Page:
"Johansen shouldn't be prosecuted for breaking into his own property," said Robin Gross, staff attorney at the Electronic Frontier Foundation (EFF). "Jon simply wanted to view his own DVDs on his Linux machine."
"Although prosecutors in Norway failed to defend the rights of their
against Hollywood's unprecedented demands, we are confident that
the Norwegian people nor their
system will allow this charge to stand," added EFF Legal Director Cindy Cohn. "The movie
have used intellectual property rights to silence scientists, and
. Now, they are declaring war on their customers."
"U.S. Entertainment Industry Pressured Norwegian Prosecutors,"
Electronic Frontier Foundation Press Release
, 10 January 2002.
Many hackers view the nature of software licensing agreements to be unfairly
. Most licenses will not allow you to have copies of the software on multiple computers even if you are the only one who uses those computers. In retaliation, hackers will crack the licensing codes so the software can be used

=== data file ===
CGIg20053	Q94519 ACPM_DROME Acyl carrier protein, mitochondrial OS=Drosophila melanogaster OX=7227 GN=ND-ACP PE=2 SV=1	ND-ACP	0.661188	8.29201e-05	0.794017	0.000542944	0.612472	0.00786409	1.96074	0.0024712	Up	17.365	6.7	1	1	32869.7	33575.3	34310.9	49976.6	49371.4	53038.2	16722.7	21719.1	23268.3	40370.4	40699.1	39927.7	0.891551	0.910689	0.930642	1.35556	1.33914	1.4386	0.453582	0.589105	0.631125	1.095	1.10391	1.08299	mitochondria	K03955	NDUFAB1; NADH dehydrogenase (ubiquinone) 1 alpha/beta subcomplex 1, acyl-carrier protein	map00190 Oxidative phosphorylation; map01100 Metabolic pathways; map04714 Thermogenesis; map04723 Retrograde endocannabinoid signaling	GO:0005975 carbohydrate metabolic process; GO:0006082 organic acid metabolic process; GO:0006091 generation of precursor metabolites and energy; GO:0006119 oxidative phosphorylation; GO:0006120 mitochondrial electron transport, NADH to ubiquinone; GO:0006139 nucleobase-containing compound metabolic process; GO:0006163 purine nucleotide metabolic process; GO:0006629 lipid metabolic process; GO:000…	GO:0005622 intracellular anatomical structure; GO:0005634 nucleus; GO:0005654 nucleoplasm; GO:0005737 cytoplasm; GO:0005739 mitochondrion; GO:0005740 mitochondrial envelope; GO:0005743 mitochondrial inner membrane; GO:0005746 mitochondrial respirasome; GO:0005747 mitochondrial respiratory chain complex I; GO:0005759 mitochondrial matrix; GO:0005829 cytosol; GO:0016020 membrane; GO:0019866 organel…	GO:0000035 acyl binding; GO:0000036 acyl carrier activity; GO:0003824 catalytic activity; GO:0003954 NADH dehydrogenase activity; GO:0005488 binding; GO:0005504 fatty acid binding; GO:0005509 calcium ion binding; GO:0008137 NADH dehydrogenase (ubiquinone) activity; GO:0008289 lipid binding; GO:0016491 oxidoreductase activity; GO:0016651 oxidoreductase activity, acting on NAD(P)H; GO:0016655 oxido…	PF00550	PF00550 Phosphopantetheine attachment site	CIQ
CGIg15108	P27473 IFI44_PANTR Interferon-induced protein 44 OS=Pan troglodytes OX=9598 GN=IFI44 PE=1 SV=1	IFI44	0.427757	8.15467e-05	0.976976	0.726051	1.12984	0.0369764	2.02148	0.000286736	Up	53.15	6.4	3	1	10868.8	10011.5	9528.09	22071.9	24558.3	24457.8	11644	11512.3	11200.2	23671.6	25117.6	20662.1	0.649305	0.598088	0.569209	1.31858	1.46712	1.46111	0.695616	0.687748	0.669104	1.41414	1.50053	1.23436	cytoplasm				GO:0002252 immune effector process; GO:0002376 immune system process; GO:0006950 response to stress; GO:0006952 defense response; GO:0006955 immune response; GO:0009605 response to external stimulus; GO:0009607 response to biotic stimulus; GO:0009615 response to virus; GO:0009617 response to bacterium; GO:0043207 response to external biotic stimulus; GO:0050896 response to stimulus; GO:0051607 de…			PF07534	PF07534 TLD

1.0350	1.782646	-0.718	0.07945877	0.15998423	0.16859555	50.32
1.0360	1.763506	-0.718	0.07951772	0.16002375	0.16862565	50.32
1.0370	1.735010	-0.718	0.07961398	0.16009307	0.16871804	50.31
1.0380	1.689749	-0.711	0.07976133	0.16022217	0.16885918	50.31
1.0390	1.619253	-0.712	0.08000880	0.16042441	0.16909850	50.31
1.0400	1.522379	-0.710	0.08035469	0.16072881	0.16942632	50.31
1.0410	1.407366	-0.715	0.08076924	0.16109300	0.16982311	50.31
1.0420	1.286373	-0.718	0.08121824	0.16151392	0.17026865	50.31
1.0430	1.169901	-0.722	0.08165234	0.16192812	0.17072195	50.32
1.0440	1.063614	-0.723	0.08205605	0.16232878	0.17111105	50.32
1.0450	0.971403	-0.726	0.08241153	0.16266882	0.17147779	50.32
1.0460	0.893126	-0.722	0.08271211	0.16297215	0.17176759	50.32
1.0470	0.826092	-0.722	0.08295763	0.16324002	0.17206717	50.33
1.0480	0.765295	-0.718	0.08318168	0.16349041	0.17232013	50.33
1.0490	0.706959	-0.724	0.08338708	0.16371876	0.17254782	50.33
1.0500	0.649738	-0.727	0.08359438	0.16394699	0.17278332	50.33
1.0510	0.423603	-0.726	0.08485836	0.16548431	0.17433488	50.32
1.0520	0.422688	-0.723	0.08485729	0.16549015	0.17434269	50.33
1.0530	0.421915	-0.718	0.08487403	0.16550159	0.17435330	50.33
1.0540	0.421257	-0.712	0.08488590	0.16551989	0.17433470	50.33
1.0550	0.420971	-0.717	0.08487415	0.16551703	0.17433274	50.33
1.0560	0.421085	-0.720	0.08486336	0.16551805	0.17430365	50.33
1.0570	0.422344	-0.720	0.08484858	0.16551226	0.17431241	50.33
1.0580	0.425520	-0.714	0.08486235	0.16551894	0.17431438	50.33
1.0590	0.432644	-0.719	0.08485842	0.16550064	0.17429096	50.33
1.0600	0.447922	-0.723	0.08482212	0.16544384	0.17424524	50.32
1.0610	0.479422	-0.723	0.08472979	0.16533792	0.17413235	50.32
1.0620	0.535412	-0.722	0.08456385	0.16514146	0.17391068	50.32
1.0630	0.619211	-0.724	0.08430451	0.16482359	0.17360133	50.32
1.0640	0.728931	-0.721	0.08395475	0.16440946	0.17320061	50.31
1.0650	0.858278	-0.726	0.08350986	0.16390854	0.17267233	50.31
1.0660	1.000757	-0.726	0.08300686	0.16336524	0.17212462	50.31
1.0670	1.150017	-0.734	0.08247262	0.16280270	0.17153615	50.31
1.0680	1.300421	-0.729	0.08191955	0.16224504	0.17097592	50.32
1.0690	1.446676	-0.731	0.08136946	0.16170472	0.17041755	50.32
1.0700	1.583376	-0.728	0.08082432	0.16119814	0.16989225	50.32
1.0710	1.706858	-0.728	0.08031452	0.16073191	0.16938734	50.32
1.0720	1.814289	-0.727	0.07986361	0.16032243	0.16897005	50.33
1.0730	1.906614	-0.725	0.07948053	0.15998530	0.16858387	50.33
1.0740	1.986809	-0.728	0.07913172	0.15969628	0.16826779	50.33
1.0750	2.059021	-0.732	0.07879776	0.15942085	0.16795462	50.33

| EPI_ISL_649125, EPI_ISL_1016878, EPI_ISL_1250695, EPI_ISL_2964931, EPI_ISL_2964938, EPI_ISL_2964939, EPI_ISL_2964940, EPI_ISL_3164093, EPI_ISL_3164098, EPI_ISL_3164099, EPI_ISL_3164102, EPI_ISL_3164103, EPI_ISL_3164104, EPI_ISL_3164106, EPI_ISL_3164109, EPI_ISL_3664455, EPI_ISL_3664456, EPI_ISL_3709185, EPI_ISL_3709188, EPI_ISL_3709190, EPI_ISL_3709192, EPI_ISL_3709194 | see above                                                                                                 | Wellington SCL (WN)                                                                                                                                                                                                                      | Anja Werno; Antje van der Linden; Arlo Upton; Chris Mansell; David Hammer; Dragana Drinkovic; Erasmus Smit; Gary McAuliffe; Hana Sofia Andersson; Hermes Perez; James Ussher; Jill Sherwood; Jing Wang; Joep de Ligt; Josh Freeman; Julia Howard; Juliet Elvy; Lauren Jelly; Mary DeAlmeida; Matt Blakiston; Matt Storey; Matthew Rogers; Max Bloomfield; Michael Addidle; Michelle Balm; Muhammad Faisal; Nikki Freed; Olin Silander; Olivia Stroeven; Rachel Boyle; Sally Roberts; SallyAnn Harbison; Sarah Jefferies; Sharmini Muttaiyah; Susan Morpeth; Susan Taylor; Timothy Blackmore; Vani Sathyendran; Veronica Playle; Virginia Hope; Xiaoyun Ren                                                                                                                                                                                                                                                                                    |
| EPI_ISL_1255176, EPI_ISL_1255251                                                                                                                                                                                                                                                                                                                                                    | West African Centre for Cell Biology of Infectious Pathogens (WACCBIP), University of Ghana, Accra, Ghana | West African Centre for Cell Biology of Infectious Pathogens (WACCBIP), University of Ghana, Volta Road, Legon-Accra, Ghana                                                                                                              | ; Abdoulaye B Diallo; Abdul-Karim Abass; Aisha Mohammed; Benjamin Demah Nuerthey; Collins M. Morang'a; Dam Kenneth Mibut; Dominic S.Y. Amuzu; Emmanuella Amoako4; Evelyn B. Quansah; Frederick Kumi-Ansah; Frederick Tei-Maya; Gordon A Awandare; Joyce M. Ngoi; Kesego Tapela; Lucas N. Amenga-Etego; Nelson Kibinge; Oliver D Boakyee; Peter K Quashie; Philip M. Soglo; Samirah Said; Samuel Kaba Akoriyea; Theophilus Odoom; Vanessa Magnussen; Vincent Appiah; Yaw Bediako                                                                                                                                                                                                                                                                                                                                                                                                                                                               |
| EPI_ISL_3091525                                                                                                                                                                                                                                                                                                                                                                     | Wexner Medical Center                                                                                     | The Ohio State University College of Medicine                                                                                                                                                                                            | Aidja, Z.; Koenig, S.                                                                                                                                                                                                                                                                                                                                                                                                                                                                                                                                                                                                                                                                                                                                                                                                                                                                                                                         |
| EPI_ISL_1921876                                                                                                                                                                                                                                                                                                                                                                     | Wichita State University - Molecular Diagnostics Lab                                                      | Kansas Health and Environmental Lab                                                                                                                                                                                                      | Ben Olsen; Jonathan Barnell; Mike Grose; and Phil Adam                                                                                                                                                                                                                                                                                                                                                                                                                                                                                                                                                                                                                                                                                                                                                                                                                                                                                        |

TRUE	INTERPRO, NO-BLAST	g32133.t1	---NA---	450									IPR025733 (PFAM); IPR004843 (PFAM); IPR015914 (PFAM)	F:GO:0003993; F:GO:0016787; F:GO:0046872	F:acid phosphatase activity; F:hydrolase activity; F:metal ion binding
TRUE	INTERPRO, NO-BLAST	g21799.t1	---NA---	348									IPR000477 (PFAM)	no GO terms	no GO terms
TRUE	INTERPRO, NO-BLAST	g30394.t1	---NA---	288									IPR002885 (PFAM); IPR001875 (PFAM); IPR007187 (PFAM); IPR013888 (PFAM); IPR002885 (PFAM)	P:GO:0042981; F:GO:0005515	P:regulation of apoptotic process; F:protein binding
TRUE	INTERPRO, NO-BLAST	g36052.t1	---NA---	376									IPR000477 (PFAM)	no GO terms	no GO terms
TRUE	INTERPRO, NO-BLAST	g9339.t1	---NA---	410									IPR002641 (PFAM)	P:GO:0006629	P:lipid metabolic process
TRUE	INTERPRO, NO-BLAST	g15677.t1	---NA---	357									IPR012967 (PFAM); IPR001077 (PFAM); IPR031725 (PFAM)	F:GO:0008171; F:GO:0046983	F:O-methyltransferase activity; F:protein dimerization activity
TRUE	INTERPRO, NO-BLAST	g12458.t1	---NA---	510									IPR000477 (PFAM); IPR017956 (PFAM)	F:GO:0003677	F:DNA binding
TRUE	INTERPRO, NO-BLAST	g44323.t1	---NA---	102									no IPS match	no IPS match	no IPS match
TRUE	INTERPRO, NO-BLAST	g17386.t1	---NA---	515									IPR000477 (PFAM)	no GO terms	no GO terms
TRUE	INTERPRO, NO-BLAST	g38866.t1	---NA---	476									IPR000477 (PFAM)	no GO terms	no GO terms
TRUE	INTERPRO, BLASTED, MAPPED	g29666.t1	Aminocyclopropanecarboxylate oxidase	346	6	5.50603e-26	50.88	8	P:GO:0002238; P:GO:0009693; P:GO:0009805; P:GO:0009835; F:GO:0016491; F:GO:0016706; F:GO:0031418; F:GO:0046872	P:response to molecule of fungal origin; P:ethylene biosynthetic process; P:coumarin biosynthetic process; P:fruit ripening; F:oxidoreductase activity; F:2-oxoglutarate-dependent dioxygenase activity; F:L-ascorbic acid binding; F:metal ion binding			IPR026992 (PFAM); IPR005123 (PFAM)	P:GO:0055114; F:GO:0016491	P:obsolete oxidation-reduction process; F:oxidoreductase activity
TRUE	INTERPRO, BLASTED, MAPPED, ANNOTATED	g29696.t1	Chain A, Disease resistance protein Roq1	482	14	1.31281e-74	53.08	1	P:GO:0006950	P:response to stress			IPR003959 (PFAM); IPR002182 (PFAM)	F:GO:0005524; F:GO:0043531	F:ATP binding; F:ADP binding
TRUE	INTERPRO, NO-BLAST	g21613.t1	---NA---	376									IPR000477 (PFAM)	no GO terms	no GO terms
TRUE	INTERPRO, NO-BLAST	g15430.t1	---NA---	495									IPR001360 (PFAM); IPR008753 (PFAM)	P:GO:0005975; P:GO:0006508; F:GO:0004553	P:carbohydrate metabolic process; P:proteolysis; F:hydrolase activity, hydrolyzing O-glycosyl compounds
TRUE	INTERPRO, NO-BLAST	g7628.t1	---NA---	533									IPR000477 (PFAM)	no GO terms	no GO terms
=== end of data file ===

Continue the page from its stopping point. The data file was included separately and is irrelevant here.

by anyone. There is the debate that people who use cracked software cannot afford the licensed version and would not have purchased it anyway. Software companies look at the millions of dollars' worth of illegal software which is being used as lost revenue. Some users make a game of obtaining software for free.
In a certain elite circle that includes programmers, graphic designers, and many others, not paying for software is more than just money-saving, it's a point of
. "Everything on my computer is stolen. I haven't bought one program," says a New York special-effects artist who estimates that his Apple Macintosh is loaded with more than $15,000 worth of software for which he hasn't paid a penny.
Rosner, Hillary, "Steal This Software,"
The Industry Standard
, 21 June 2000.
Consuming Unused Resources
It is common for the hacker to feel that if the resource is not being used, then there is nothing wrong with using it. Network bandwidth, computer cycles, telephone lines, and any resource to which a hacker can get access are likely to be used by the hacker. Of course, the consumption of these resources often leads to the company who owns them having to buy more resources when ample resources are available if they were not being used by hackers.